$Id: INSTALL,v 1.23 2019/03/06 15:58:10 schwarze Exp $
About the portable mandoc distribution
The mandoc manpage compiler toolset (formerly called "mdocml")
is a suite of tools compiling mdoc(7), the roff(7) macro language
of choice for BSD manual pages, and man(7), the predominant
historical language for UNIX manuals.
It includes a man(1) manual viewer and additional tools.
For general information, see <http://mandoc.bsd.lv/>.
In case you have questions or want to provide feedback, read
<http://mandoc.bsd.lv/contact.html>. Consider subscribing to the
discuss@ mailing list mentioned on that page. If you intend to
help with the development of mandoc, consider subscribing to the
tech@ mailing list, too.
Enjoy using the mandoc toolset!
Ingo Schwarze, Karlsruhe, March 2019
Before manually installing mandoc on your system, please check
whether the newest version of mandoc is already installed by default
or available via a binary package or a ports system. A list of the
latest bundled and ported versions of mandoc for various operating
systems is maintained at <http://mandoc.bsd.lv/ports.html>.
Regarding how packages and ports are maintained for your operating
system, please consult your operating system documentation.
To install mandoc manually, the following steps are needed:
1. If you want to build the CGI program, man.cgi(8), too,
run the command "echo BUILD_CGI=1 >> configure.local".
Then run "cp cgi.h.example cgi.h" and edit cgi.h as desired.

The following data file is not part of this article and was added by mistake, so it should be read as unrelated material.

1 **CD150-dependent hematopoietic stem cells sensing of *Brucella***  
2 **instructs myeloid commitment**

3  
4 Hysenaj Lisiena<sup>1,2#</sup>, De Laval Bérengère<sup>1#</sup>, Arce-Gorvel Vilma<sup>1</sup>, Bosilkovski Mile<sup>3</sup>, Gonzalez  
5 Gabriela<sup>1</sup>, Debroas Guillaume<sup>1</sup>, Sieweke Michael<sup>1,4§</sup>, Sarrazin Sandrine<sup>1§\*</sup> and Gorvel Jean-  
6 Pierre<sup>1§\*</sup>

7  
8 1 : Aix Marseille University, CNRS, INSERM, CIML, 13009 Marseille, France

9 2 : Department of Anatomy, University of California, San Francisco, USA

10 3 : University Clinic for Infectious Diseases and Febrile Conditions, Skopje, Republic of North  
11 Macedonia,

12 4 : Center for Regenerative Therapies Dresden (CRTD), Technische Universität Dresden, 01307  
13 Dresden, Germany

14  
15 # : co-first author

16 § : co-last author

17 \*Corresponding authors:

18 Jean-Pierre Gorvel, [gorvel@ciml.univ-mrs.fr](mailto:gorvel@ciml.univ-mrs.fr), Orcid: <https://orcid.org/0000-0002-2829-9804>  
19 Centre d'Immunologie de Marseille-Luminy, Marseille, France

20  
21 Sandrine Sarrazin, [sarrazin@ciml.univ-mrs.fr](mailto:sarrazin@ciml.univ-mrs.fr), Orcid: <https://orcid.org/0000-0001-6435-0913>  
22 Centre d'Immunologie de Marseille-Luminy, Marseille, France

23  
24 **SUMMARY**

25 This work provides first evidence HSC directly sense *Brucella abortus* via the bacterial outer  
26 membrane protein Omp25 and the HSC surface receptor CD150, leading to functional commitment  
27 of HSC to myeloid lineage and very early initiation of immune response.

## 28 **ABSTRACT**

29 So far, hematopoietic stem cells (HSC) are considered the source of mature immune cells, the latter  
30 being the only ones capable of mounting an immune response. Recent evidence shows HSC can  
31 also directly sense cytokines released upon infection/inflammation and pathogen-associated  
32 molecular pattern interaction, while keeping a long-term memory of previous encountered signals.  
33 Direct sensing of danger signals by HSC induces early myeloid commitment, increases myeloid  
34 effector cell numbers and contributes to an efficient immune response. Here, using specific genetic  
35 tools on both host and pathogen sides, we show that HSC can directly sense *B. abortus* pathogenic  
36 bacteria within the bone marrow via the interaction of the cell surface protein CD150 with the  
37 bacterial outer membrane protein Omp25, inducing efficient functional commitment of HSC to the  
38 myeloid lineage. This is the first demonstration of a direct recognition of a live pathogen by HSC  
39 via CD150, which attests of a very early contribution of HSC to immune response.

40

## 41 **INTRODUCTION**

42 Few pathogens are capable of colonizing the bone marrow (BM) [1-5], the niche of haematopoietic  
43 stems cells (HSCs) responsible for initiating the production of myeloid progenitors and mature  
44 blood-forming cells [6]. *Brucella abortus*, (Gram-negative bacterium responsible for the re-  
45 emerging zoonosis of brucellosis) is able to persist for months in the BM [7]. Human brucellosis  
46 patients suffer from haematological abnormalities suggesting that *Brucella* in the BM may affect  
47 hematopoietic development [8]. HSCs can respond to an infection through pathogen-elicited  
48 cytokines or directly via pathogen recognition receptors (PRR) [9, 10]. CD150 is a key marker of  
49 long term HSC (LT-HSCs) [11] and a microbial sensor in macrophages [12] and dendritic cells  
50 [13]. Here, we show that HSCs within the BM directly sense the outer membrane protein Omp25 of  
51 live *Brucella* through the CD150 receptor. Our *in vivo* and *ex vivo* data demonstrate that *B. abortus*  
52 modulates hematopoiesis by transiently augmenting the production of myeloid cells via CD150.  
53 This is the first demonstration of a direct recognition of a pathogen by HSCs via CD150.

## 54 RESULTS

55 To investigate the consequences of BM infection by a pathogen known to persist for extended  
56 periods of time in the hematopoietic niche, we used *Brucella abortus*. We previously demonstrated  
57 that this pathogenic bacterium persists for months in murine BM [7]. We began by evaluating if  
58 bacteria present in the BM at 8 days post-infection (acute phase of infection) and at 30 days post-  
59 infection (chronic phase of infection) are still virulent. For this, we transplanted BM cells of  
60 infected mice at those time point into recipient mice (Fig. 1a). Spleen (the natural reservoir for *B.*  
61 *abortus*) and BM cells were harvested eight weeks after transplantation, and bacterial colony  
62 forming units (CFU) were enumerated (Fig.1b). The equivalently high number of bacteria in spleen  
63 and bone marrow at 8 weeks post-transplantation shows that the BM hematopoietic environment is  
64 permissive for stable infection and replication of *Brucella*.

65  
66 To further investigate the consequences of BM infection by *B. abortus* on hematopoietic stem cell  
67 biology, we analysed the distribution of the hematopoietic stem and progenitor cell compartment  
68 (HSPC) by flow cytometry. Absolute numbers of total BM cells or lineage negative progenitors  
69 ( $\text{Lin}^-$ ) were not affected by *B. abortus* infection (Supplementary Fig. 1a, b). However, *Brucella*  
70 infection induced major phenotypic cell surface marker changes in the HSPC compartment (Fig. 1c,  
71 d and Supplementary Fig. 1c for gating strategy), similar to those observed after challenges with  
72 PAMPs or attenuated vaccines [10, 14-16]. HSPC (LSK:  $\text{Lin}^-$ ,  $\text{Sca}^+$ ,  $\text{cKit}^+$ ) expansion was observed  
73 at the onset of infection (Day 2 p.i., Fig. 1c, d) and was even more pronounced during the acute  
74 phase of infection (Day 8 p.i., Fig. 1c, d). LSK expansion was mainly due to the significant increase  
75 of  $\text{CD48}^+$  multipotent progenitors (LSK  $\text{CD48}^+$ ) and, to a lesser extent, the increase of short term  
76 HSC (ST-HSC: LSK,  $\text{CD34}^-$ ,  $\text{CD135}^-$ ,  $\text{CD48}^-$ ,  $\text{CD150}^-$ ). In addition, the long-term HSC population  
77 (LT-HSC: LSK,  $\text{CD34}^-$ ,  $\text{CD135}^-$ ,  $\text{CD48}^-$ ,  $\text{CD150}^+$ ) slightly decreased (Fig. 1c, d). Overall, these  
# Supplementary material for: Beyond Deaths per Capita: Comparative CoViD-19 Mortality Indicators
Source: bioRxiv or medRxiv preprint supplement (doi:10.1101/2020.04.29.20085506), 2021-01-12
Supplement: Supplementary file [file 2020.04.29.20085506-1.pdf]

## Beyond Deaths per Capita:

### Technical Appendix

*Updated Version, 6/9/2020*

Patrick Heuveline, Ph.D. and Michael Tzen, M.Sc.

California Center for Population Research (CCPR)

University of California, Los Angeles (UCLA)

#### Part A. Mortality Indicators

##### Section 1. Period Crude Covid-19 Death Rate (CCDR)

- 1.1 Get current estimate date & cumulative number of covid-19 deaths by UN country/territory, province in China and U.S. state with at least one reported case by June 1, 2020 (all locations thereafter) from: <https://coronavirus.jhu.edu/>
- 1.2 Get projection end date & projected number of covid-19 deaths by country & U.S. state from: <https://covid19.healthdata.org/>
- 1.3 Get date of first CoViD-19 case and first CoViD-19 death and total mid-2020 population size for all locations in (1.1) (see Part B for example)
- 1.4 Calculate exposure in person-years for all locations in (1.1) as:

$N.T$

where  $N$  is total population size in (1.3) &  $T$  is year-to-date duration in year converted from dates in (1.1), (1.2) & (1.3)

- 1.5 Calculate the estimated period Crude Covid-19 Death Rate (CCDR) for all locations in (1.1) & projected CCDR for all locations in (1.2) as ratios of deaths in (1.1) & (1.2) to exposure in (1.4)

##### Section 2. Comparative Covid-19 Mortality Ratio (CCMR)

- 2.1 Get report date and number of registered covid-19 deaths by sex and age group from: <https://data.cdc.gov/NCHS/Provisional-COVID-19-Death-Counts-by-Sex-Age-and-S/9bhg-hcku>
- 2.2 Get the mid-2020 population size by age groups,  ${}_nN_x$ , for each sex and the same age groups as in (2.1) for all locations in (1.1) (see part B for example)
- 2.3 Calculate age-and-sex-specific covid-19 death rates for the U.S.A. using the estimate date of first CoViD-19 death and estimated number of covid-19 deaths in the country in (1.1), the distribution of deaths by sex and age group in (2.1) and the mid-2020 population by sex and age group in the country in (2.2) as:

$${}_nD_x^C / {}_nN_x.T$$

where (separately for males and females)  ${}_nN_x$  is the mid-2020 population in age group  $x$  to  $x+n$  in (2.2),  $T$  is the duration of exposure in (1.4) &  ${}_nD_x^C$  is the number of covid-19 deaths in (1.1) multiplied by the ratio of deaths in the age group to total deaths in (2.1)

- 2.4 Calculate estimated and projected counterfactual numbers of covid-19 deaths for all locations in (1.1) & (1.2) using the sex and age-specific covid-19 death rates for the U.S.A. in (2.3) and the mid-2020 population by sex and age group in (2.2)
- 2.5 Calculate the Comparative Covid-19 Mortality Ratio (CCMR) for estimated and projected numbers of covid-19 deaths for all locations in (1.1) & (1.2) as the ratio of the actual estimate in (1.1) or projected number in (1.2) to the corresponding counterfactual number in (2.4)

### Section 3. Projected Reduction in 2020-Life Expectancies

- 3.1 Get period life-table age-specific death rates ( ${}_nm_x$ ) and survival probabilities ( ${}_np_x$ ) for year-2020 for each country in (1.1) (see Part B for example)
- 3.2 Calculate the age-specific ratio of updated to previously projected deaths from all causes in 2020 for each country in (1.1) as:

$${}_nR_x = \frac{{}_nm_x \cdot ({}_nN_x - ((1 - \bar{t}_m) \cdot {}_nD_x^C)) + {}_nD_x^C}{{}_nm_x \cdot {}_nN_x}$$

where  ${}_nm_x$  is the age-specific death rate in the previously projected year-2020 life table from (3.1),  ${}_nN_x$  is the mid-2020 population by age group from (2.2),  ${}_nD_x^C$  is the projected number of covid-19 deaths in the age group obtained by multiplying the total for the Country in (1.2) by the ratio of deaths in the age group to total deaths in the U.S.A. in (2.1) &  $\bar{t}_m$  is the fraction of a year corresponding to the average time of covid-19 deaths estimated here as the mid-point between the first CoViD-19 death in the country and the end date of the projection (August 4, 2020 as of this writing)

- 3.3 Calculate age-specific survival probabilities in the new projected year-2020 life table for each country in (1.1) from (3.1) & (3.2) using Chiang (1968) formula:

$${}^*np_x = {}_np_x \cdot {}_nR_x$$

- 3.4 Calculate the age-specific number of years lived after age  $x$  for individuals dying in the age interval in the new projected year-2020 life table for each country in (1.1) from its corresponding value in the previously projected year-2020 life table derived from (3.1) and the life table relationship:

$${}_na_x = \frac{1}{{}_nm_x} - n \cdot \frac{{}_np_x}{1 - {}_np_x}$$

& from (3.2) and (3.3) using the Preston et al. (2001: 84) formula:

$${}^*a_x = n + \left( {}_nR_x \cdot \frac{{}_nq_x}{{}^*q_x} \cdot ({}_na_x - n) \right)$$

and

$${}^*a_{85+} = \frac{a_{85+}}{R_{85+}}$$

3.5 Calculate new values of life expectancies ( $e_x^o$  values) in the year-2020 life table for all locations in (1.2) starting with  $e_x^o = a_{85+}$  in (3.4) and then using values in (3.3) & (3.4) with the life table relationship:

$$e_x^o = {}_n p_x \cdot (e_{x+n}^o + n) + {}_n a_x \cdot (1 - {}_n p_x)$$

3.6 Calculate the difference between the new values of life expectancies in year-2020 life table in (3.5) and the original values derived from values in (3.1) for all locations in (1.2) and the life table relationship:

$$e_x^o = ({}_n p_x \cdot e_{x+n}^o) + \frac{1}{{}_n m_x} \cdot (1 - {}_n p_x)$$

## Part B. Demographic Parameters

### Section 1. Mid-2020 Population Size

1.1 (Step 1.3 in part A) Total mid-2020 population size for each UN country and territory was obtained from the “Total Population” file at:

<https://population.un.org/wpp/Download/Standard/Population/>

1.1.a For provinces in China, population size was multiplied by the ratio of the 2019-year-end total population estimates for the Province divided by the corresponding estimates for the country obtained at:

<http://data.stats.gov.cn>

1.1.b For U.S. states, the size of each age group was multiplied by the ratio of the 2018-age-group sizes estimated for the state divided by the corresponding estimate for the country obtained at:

2. If you also want to build the catman(8) utility, run the
command "echo BUILD_CATMAN=1 >> configure.local". Note that it
is unlikely to be a drop-in replacement providing the same
functionality as your system's "catman", if your operating
system contains one.
3. Define MANPATH_DEFAULT in configure.local
if /usr/share/man:/usr/X11R6/man:/usr/local/man is not appropriate
for your operating system.
4. Run "./configure".
This script attempts autoconfiguration of mandoc for your system.
Read both its standard output and the file "Makefile.local" it
generates. If anything looks wrong or different from what you
wish, read the file "configure.local.example", create and edit
a file "configure.local", and re-run "./configure" until the
result seems right to you.
5. Run "make".
Any POSIX-compatible make, in particular both BSD make and GNU make,
should work. If the build fails, look at "configure.local.example"
and go back to step 2.
6. Run "make -n install" and check whether everything will be
installed to the intended places. Otherwise, put some *DIR or *NM*
variables into "configure.local" and go back to step 4.
7. Optionally run the regression suite.
Basically, that amounts to "cd regress && ./regress.pl".
But you should probably look at "./mandoc -l regress/regress.pl.1"
first. In particular, regarding Solaris systems, look at the BUGS
section of that manual page.
8. Run "sudo make install". If you intend to build a binary
package using some kind of fake root mechanism, you may need a
command like "make DESTDIR=... install". Read the *-install targets
in the "Makefile" to understand how DESTDIR is used.
9. Run the command "sudo makewhatis" to build mandoc.db(5) databases
in all the directory trees configured in step 3. Whenever installing
new manual pages, re-run makewhatis(8) to update the databases, or
apropos(1) will not find the new pages.
10. To set up a man.cgi(8) server, read its manual page.